difficult to measure, however, such tumors must exist. In contrast, fewer than 10% of DM are positive
for any of the more specific markers of melanocytic differentiation, including HMB45, Melan A, tyrosinase
and microphthalmia transcription factor (MiTF). DM may also express a variety of putative "nerve sheath"
markers, including p75 neurotrophin receptor, CD57 and PGP 9.5. As discussed below, this may result in
confusion with malignant peripheral nerve sheath tumors. Expression of p75 neurotrophin receptor may
have a possible role in the neurotropism seen in DM. Many DM also show considerable smooth muscle actin
positivity, reflective of a large number of intimately associated myofibroblasts; this apparent actin
expression may result in confusion with a variety of myofibroblastic and myoid tumors. Focal anomalous
cytokeratin and/ or desmin expression may also be seen, potentially resulting in misdiagnosis as a
spindled carcinoma or myoid tumor, respectively.
The differential diagnosis of DM is broad and includes a wide range of both benign and malignant
entities. The primary differential diagnosis centers on other malignant spindle cell tumors of the
dermis, especially spindle cell squamous cell carcinoma. Like DM both of these tumors occur in elderly
patients on sun-exposed skin. In spindle cell squamous cell carcinomas, areas of more conventional
squamous cell carcinoma or actinic keratosis are often present. By immunohistochemistry, most spindle
cell squamous cell carcinomas will show cytokeratin expression, although this can be extremely focal or
even absent. Some spindled squamous cell carcinomas may express only high molecular weight cytokeratin
isoforms, identified by antibodies such as 34-beta-E12 or antibodies to cytokeratins 5/6. Spindled
squamous cell carcinomas are negative for S-100 protein, in contrast to DM, although they may contain
entrapped S100 protein-positive dendritic cells.
Atypical fibroxanthoma and DM share a common clinical presentation, as amelanotic lesions on
sun-exposed skin of the head and neck of elderly patients. The more common storiform, pleomorphic
examples of atypical fibroxanthoma generally show more random nuclear atypia with bizarre multinucleated
tumor giant cells than commonly seen in DM. The more spindled examples of atypical fibroxanthoma can
bear a striking resemblance to DM. The associated junctional melanocytic proliferation see in most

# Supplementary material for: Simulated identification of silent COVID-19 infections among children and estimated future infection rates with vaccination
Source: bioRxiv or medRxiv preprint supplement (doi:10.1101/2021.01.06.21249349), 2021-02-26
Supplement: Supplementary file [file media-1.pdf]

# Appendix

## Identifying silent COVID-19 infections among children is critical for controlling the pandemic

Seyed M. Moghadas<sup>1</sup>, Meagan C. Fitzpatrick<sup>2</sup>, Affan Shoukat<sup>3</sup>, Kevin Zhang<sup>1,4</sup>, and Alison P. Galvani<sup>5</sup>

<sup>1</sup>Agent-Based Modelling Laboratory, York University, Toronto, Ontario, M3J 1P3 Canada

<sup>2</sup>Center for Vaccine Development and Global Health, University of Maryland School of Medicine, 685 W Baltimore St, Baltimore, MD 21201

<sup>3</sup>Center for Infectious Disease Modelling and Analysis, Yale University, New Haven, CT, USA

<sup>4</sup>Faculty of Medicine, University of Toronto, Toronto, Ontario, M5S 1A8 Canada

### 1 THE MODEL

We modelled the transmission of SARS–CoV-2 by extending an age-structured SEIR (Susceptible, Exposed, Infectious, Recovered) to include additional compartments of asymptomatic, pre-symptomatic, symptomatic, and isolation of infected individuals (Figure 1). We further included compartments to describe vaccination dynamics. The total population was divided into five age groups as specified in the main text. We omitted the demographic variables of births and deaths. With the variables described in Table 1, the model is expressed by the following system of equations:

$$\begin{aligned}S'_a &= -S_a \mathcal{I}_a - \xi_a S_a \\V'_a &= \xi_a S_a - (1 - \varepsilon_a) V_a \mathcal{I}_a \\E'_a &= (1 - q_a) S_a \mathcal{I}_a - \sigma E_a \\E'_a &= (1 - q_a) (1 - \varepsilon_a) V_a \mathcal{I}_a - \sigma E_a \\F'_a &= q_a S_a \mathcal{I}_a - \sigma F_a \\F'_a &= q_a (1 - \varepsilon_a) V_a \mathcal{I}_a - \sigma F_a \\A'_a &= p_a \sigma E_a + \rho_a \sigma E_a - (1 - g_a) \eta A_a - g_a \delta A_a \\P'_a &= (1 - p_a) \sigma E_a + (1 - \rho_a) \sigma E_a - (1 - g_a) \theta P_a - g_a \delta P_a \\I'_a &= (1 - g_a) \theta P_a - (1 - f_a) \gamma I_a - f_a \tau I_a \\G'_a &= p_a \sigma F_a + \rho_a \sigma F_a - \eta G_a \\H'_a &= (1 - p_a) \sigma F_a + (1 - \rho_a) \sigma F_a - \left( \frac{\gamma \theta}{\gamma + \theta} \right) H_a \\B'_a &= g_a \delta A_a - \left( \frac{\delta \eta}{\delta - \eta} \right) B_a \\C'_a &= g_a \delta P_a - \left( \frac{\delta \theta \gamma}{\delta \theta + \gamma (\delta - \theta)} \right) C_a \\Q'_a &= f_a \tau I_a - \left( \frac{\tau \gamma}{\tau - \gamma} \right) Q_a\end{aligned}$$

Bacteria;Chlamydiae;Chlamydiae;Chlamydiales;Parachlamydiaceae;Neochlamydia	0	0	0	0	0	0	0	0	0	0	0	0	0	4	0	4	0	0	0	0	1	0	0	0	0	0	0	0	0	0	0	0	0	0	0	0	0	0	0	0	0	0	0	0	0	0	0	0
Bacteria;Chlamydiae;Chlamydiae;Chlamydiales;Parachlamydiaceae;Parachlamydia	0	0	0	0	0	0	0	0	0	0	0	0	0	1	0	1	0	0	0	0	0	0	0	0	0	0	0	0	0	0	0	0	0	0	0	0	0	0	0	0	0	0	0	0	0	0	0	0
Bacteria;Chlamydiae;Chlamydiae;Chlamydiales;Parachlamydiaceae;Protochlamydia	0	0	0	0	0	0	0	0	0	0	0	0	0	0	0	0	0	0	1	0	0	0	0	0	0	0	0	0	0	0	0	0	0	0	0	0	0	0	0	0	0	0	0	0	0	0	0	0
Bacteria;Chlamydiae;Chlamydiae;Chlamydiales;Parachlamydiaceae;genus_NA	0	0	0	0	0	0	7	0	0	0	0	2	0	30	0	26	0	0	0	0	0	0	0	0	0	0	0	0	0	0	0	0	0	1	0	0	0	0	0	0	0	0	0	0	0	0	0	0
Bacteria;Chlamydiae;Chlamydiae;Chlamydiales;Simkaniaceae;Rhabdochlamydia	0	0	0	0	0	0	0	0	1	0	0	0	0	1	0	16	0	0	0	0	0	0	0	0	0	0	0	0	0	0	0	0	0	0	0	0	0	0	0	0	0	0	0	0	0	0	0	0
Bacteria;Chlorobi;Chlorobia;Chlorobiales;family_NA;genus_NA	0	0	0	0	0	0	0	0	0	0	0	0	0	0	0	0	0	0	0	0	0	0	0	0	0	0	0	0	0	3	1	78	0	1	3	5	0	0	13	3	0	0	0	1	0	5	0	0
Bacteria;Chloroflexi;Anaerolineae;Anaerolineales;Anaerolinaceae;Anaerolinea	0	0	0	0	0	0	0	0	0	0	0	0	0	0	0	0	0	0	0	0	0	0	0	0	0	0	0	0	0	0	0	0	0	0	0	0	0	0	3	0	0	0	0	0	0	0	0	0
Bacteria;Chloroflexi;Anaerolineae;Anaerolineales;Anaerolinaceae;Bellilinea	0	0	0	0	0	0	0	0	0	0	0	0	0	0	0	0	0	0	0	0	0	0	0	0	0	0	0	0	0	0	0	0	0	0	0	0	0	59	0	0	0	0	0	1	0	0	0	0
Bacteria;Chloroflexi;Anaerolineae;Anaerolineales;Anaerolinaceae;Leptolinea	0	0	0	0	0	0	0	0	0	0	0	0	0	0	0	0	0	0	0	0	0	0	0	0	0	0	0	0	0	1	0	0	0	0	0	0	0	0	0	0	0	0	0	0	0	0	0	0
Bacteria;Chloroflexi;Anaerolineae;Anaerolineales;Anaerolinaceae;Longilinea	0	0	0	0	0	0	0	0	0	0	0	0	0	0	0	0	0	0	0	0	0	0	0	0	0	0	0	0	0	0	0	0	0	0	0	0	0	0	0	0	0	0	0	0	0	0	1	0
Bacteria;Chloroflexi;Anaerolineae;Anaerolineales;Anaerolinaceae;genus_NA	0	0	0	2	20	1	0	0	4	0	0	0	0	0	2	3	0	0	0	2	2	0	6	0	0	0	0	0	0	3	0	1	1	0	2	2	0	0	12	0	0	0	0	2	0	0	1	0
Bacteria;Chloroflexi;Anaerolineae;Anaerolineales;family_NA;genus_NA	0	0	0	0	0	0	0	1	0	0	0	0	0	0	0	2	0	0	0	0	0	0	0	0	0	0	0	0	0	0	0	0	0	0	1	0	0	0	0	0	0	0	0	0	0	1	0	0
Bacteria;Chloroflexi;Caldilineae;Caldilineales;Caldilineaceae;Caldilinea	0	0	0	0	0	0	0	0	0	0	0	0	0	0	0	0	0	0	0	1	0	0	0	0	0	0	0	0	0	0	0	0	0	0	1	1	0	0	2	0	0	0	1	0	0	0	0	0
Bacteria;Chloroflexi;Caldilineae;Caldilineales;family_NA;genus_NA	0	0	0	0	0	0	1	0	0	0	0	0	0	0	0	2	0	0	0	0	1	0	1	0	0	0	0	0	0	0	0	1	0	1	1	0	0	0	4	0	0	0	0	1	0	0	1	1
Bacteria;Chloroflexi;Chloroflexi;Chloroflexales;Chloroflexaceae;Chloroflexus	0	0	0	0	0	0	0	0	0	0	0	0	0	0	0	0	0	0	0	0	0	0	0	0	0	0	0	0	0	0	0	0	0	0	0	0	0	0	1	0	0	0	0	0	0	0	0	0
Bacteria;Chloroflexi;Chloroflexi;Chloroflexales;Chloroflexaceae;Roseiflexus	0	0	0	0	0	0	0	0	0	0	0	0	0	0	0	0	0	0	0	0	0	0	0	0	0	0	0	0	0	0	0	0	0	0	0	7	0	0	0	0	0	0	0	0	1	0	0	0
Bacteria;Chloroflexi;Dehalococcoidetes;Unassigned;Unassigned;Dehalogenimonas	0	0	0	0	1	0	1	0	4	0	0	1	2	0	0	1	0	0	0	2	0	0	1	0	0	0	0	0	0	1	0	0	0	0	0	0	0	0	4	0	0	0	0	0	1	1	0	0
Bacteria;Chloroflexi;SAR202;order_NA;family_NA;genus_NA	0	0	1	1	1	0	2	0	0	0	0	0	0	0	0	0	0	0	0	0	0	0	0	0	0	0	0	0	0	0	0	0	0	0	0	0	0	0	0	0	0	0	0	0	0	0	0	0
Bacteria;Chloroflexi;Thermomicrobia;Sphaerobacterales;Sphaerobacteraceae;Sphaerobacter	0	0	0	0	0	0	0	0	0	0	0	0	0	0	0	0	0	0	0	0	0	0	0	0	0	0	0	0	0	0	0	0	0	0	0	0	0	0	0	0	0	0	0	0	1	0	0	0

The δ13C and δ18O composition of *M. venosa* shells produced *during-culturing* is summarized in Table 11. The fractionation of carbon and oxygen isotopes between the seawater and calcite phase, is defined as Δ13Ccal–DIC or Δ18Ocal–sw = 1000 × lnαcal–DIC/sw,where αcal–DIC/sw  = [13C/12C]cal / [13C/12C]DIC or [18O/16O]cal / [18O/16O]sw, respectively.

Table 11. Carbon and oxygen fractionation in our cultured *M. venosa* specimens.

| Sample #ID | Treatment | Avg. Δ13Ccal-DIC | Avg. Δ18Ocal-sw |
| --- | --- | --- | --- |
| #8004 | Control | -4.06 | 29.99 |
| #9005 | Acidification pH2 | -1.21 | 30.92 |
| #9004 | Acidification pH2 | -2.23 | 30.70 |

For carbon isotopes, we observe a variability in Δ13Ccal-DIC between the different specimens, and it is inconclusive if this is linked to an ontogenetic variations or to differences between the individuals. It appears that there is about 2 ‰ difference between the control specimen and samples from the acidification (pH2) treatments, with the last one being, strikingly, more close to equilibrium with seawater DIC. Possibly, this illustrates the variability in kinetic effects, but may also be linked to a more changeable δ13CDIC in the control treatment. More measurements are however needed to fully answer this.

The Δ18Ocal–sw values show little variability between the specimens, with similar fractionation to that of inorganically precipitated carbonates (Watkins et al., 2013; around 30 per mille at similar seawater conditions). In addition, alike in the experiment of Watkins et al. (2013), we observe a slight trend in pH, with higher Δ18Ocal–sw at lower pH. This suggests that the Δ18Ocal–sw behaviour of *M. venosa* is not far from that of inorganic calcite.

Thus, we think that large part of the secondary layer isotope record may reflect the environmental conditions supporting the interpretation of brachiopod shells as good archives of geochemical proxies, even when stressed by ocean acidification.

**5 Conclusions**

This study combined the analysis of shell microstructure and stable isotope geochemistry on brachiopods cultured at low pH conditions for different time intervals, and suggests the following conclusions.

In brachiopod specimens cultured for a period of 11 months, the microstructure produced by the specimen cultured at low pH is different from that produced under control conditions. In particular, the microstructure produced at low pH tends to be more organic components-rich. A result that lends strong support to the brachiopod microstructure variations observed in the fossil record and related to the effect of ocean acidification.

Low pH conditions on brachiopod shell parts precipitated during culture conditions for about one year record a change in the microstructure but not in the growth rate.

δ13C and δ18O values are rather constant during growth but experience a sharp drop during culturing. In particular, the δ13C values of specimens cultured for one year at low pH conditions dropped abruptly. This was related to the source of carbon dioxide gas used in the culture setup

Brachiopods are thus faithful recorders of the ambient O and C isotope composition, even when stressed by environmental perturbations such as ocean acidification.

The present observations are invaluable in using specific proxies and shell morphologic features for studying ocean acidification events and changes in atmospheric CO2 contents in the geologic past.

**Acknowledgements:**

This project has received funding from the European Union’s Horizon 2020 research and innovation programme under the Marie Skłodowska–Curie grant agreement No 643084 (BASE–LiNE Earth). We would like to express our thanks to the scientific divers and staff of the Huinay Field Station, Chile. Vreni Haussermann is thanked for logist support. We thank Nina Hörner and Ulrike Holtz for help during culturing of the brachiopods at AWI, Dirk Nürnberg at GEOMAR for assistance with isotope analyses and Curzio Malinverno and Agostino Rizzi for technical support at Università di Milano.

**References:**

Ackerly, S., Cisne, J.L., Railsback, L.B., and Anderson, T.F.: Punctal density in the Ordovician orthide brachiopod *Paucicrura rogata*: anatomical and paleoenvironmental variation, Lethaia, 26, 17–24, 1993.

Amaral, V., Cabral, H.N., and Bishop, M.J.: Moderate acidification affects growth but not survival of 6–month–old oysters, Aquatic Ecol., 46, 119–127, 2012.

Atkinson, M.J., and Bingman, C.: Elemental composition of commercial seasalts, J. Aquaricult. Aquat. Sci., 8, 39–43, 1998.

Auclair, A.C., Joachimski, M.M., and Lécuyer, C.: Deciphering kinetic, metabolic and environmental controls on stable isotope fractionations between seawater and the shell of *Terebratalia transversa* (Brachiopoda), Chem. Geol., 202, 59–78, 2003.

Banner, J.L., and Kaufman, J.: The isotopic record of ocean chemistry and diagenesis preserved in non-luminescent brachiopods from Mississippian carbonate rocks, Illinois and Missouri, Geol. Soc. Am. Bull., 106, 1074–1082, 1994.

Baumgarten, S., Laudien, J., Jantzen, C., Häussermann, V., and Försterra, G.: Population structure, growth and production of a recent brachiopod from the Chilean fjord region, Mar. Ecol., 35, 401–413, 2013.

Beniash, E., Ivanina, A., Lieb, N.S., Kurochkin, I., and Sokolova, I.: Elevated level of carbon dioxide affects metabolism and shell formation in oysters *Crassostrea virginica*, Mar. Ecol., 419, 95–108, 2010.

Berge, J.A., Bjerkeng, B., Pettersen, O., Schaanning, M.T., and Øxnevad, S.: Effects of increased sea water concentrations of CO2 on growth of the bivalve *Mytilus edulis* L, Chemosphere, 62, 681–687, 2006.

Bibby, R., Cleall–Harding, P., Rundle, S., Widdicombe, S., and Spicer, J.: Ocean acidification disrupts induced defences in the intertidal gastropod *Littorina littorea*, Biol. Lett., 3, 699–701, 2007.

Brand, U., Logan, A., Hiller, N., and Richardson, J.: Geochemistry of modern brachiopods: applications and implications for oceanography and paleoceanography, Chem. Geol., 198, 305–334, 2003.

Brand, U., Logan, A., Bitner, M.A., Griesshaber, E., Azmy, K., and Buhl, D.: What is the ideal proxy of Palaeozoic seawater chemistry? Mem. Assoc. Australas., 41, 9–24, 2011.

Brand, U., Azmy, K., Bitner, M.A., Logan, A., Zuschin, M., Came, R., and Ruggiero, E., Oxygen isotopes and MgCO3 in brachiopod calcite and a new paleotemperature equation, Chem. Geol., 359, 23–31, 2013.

examples of DM can help in the diagnosis. Immunoreactivity for S-100 protein, except for some entrapped
dendritic cells, is not a feature of atypical fibroxanthoma.
Cutaneous leiomyosarcoma can sometimes be mistaken for DM. Clinically, cutaneous leiomyosarcoma is
less common on the head and neck. Microscopically, the fascicles in leiomyosarcoma have a more ordered
intersecting pattern and have more elongated, blunt ended nuclei than DM. Immunoreactivity for smooth
muscle actin and desmin and the absence of immunoreactivity for S100 protein are helpful adjuncts in this
Rare examples of spindle cell angiosarcoma can sometimes be relatively "bloodless" and mimic DM.
Immunostains for vascular markers CD31 and/or CD34 are helpful in this differential diagnosis.
Malignant peripheral nerve sheath tumor is often mentioned in the differential diagnosis of DM.
However, in most cases this is not a practical problem. Examples of malignant peripheral nerve sheath
tumor arising in the skin are quite rare and are often (~40%) in the setting of previously
documented neurofibromatosis. Malignant peripheral nerve sheath tumors usually are a more cellular tumor
without the interposing collagenous stroma or the admixed lymphocytes of DM. A co-existing precursor
neurofibroma is often present in cases of cutaneous malignant peripheral nerve sheath tumor. Cutaneous
malignant peripheral nerve sheath tumors often have an epithelioid morphology as well. The pattern of
S100 protein expression is may be less helpful in distinguishing DM from cutaneous malignant peripheral
nerve sheath tumors, as some cutaneous malignant peripheral nerve sheath tumors show strong S100 protein
Benign entities in the differential diagnosis include melanocytic nevi. Desmoplastic nevi and
amelanotic blue nevi are the most difficult benign melanocytic tumors to differentiate from DM.
Desmoplastic nevi occur on average in a slightly younger population, most frequently in middle-aged
patients, and more commonly arise on the trunk. As in DM, desmoplastic nevi may show a junctional
melanocytic proliferation, although it should not show nuclear atypia or a predominant single cell growth
pattern. Desmoplastic nevi may show some nuclear variability, but should not show the distinct
hyperchromatism seen at least focally in DM. Desmoplastic nevi (and blue nevi) may show tracking of
cells along the epineurium of cutaneous nerves, which should be rigorously distinguished from the true